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Editorial
April 17, 2002

Primary Percutaneous Coronary Intervention for All?

Author Affiliations

Author Affiliation: Cardiovascular Division, Department of Medicine, Brigham and Women's Hospital and Harvard Medical School, Boston, Mass.

JAMA. 2002;287(15):1987-1989. doi:10.1001/jama.287.15.1987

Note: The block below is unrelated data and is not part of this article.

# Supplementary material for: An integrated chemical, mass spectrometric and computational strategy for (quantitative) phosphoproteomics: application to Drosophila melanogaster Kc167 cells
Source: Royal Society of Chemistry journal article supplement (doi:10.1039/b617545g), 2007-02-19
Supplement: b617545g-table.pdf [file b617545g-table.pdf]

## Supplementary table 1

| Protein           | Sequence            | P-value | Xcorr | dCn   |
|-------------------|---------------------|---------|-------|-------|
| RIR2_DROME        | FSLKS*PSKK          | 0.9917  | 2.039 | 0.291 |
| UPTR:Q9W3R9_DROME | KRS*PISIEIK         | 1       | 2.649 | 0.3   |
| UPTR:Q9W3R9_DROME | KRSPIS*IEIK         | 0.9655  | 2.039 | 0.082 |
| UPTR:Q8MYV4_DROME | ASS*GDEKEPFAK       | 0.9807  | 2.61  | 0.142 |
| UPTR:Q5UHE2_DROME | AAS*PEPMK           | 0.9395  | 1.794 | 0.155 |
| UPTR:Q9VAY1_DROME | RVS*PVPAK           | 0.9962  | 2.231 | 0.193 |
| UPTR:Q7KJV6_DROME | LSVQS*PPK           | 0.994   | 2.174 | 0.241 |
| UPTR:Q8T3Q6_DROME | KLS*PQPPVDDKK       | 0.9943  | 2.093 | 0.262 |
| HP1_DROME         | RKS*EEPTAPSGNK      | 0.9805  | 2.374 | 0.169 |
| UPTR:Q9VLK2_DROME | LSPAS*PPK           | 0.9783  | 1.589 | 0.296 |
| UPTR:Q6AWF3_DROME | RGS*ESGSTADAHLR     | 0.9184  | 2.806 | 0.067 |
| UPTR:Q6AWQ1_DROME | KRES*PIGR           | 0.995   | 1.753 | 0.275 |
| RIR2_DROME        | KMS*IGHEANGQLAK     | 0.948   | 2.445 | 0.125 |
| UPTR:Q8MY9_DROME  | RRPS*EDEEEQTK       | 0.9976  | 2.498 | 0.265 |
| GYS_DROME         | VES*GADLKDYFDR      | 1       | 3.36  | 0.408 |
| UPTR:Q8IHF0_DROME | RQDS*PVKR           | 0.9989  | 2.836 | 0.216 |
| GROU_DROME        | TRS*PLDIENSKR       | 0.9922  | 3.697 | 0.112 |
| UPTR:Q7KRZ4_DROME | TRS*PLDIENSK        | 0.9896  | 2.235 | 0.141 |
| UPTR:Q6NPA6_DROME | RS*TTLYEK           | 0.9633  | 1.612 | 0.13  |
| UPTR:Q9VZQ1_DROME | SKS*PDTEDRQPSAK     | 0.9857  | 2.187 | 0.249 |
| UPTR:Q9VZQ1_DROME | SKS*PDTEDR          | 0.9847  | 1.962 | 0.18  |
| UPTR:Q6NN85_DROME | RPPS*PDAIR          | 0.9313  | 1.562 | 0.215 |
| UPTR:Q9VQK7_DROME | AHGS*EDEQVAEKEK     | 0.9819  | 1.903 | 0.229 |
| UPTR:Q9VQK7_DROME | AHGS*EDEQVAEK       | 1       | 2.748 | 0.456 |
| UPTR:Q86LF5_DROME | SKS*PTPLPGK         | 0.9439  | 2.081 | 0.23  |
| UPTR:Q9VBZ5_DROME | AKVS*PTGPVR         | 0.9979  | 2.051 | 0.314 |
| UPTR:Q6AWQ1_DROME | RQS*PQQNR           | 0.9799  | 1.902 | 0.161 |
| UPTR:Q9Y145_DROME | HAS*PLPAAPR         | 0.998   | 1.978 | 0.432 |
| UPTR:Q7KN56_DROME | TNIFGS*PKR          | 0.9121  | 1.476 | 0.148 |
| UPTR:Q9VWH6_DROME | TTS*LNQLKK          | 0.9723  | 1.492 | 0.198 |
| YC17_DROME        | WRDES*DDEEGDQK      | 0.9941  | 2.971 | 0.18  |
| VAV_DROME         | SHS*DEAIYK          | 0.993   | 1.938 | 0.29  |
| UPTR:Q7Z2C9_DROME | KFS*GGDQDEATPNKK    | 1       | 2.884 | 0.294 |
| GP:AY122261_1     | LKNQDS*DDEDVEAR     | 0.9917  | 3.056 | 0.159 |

Reperfusion therapy with thrombolysis or primary percutaneous coronary intervention (PCI) has been a major advance in the treatment of acute ST-segment elevation myocardial infarction (MI), with a 25% reduction in mortality with thrombolysis.1 Primary PCI has been considered in the American College of Cardiology/American Heart Association (ACC/AHA) guidelines in 1999 to be an alternative to thrombolysis.2 Since then, the number of trials and number of patients randomized has more than doubled to 21 trials and 6800 patients, all of which show clear benefit of PCI over thrombolysis. A meta-analysis of the randomized trials carried out through 1997 showed a clear reduction in mortality, recurrent MI, stroke, and intracranial hemorrhage. Mortality was reduced a relative 34% (6.5% for thrombolysis vs 4.4% for primary PCI), suggesting that 20 patients' lives would be saved for every 1000 patients treated with primary PCI instead of thrombolytic therapy.3 Nonfatal reinfarction was reduced nearly 50% (5.3% for thrombolysis and 2.9% for PCI) and intracranial hemorrhage was essentially eliminated (1.1% with thrombolysis and 0.1% with PCI).3 In addition, cost appears to be similar between the 2 strategies,4 largely because many patients receive PCI following initial thrombolysis. Thus, based on these initial 10 randomized trials, primary PCI is considered a superior strategy both for efficacy and safety.

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